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Septic Systems Banned In Malibu

December 11th, 2009 by Jessika

Ken Seino was surfing at Malibu’s Surfrider beach in August 1997 when he found himself paddling through raw sewage.

He got back to shore and washed off as thoroughly as he could. When he got home he washed again.

No matter how much he washed, that day would stay with him the rest of his life.

The next morning he woke up with a 103-degree fever, and an infection that lasted three weeks.

Seino, a member of the Malibu Surfing Association, testified about his experience before the Los Angeles Regional Water Quality Control Board on Nov. 5 as he urged the board to prohibit the release of pollutants and chemicals into Malibu’s groundwater.

“My plea to you board members is for life itself,” Seino said.


The board approved the prohibition in a five to seven vote after hearing reports and comments from the board’s staff, the city of Malibu and the public.

The approved prohibition was a compromise based on the recommendations of the board’s staff after they heard testimony from the city of Malibu, Heal the Bay, and a crowd of over 100.

The board’s vote will prohibit commercial and residential buildings surrounding the Malibu civic center from discharging pollution into groundwater.

Polluted wastewater is discharged when buildings have on-site systems for sewage disposal that leak when capacity is reached.

Commercial buildings will need to comply with the prohibition by 2015. Residential buildings will have until 2019 to comply.

Compliance with the board’s actions will make it necessary for the city and its residents to find different ways to dispose of sewage, such as constructing sewers or building a centralized treatment plant. The city will be able to decide what method they want to use.

To comply, the city may need to spend as much as $80 million, according the board’s staff report. Malibu’s residents would also have to pay for compliance. Preliminary estimates from the city estimate that residents could see monthly fees ranging from $400 to $500.

The board’s approval came despite objections by Malibu officials and residents.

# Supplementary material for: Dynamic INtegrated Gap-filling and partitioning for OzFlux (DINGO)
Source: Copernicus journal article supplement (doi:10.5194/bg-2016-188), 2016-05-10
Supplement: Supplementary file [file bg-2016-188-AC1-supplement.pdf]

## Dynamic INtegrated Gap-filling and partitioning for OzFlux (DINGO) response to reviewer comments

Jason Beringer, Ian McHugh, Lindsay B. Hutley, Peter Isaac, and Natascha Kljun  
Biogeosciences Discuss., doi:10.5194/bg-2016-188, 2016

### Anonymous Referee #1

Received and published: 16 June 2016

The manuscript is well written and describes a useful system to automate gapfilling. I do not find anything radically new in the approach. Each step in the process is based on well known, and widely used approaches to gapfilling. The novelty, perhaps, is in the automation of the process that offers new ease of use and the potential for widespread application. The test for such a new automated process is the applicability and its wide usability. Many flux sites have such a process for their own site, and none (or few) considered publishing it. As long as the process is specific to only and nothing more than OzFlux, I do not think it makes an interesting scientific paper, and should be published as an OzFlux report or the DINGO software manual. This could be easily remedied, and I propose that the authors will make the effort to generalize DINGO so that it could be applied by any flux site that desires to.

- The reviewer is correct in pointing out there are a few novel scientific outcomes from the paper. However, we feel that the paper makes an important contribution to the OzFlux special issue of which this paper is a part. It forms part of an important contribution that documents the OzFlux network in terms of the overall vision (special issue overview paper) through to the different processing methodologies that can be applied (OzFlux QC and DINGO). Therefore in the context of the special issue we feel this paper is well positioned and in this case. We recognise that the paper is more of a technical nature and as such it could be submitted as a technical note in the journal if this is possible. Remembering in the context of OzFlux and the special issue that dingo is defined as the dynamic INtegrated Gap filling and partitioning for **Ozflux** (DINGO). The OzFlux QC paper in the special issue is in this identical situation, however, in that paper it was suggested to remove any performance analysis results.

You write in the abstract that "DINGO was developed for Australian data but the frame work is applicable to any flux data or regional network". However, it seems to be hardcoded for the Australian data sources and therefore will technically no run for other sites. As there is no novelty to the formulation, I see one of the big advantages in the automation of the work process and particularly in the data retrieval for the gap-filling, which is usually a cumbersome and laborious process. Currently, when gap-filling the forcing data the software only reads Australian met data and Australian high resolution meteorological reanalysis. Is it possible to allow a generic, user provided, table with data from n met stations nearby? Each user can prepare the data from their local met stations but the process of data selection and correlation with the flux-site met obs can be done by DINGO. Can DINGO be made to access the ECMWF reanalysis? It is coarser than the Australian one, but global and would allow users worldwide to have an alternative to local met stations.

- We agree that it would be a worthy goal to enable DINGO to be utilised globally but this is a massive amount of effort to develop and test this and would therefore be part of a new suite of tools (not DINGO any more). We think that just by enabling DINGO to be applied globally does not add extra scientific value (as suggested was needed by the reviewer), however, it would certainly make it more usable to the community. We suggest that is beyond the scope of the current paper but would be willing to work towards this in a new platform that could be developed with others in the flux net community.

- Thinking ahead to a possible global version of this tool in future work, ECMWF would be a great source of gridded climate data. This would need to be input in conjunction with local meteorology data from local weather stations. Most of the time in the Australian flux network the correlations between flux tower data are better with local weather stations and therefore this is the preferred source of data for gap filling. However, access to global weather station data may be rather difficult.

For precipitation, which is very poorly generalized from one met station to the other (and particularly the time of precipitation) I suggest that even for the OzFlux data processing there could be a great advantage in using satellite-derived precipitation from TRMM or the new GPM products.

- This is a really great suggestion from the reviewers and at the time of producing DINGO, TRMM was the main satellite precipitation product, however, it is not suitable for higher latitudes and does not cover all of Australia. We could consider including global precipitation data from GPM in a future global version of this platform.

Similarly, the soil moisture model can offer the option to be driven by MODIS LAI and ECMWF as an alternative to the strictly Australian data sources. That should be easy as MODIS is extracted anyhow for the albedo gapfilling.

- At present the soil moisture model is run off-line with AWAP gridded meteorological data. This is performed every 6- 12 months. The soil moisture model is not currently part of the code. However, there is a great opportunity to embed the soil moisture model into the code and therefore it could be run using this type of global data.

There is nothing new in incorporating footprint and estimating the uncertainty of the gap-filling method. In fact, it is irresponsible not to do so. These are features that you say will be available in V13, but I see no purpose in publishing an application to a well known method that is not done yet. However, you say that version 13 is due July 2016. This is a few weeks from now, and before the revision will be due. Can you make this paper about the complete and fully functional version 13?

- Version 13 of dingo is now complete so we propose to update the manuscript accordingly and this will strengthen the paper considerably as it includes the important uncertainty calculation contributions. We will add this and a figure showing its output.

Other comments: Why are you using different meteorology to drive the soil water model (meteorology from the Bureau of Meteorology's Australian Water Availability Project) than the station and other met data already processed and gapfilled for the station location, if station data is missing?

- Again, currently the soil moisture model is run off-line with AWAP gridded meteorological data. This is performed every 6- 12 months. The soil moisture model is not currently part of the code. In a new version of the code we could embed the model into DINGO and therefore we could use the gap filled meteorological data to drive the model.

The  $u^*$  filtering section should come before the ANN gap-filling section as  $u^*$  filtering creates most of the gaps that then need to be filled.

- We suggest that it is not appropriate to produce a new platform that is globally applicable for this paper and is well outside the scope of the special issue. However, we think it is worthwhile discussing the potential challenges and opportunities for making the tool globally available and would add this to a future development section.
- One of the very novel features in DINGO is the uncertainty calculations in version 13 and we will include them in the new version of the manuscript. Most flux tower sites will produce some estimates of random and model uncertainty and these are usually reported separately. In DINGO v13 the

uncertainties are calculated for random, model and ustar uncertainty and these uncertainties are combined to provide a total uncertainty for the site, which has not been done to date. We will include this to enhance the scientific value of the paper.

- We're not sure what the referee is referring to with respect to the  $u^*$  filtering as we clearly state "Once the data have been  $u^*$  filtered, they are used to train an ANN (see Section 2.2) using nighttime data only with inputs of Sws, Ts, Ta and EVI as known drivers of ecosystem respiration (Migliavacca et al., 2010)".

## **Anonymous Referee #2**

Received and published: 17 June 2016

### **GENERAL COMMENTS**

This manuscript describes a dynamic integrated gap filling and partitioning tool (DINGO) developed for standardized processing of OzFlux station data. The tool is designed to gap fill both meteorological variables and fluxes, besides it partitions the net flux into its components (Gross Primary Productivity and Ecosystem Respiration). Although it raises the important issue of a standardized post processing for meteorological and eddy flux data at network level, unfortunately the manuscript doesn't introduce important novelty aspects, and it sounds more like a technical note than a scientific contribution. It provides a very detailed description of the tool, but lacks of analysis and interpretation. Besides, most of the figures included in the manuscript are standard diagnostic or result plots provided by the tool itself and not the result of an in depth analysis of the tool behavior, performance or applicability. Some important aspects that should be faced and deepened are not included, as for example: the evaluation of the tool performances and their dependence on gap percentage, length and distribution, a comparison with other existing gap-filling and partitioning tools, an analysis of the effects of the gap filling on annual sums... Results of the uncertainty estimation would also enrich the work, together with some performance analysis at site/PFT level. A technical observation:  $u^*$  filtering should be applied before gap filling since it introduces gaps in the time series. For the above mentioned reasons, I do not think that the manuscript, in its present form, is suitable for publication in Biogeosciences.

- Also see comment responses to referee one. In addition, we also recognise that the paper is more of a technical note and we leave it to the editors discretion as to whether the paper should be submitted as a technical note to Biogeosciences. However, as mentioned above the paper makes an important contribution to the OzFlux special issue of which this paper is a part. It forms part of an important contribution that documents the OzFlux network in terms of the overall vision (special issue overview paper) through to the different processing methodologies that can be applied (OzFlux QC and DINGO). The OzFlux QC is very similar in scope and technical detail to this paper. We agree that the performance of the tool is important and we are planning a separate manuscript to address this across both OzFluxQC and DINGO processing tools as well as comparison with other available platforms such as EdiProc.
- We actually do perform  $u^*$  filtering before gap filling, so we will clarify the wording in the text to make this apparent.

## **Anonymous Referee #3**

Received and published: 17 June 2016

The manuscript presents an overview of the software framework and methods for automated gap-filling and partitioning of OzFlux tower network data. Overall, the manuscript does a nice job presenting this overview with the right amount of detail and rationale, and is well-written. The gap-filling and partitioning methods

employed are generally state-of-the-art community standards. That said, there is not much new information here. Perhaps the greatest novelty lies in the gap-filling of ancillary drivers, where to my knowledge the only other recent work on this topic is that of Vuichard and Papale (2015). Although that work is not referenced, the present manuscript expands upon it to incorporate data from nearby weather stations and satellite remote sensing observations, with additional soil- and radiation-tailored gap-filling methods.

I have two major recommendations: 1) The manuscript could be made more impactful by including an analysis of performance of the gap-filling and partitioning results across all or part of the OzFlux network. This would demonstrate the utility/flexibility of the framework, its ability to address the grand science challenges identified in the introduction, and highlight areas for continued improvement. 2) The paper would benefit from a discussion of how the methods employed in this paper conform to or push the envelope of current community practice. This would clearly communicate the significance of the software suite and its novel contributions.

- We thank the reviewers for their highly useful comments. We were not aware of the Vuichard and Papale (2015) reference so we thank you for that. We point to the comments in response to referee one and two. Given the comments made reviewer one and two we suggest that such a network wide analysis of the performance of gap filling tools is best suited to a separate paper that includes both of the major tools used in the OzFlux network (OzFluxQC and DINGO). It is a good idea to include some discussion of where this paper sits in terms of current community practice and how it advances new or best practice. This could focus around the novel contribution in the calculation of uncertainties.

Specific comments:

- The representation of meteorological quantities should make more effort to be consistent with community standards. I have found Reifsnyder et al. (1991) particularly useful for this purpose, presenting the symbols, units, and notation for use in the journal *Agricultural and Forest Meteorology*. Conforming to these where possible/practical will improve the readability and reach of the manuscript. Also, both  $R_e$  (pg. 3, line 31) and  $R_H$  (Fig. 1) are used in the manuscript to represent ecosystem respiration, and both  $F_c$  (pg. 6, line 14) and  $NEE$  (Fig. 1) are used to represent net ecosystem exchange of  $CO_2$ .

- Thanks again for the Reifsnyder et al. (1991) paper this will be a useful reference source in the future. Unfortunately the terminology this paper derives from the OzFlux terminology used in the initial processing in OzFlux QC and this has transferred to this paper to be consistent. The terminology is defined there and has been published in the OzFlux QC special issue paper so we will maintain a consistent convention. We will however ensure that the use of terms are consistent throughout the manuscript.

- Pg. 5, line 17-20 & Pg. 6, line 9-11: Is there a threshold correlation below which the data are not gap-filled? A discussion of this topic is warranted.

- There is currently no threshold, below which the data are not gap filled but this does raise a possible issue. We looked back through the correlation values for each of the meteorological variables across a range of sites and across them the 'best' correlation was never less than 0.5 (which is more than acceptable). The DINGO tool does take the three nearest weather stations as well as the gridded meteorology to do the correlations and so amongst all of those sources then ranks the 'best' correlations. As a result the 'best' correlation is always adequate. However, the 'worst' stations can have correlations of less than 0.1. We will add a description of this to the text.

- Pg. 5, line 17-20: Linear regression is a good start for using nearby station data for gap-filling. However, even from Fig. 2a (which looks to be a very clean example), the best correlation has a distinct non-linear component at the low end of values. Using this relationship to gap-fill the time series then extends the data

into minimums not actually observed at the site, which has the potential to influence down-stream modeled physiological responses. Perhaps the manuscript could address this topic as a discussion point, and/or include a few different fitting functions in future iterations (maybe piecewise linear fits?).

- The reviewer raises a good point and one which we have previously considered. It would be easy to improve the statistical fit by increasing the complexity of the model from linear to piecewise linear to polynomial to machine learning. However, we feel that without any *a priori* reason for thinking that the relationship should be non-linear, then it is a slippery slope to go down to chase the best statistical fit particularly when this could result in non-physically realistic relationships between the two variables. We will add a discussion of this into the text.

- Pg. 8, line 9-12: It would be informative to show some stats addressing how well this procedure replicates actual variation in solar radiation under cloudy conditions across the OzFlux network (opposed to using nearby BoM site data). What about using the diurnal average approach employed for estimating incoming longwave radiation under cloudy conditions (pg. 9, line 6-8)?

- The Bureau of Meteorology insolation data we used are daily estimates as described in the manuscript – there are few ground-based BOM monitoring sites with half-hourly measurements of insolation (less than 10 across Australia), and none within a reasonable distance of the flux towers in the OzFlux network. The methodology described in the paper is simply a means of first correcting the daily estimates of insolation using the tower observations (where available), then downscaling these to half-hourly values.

Before the board voted, Malibu presented an alternative plan that included construction of a sewage treatment plant to recycle wastewater.

The city’s plan also included disinfectant systems for buildings with on-site disposal systems. Disinfection would eliminate harmful pollutants from the wastewater, making it safer to discharge. Some of the buildings identified for disinfection lie beyond the civic center area.

Heal the Bay President Mark Gold supported some of Malibu’s proposals. Gold said disinfection could also decrease pollution and agreed that the sites identified outside of the civic center area should be included in the board’s action.

However, Gold said that a prohibition and moratorium was critical for the city of Malibu.

“You need to have a legally binding commitment,” Gold said to the board.

A legal commitment is needed, because the city has a poor track record of complying with water quality regulations, he added.

City officials disputed that portrayal, saying they have made efforts to improve the water quality. They also emphasized the need for collaboration between the board and the city and the city’s commitment to improve water quality.

“This is not a simple problem,” said Malibu Council Member John Sibert. “We admit that there are issues.”

After listening to the objections posed by Malibu officials, residents, and Heal the Bay, the regional board staff revised the originally proposed prohibition.

The revision gave the city more time to complete the projects needed to comply with the prohibition, and it excluded the Winter Canyon neighborhood and Pepperdine University from the prohibition. In addition, the board exempted building projects that were already underway.

However, the approved revision did not include the additional sites mentioned by the city and Heal the Bay or disinfection as an option.

Malibu recently began construction of Legacy Park, a multi-million dollar stormwater treatment facility. However, this project will not treat sewage, and the city will still have to decide how it will comply with the prohibition.

But before the city complies, they will continue to fight the prohibition. The board’s ban still needs to go to the California Water Quality Control Board for final approval. A date for the state board’s public hearing has not yet been set.

In the meantime, Seino said he still fights the effects of the infection he got over ten years ago in the waters off Malibu.

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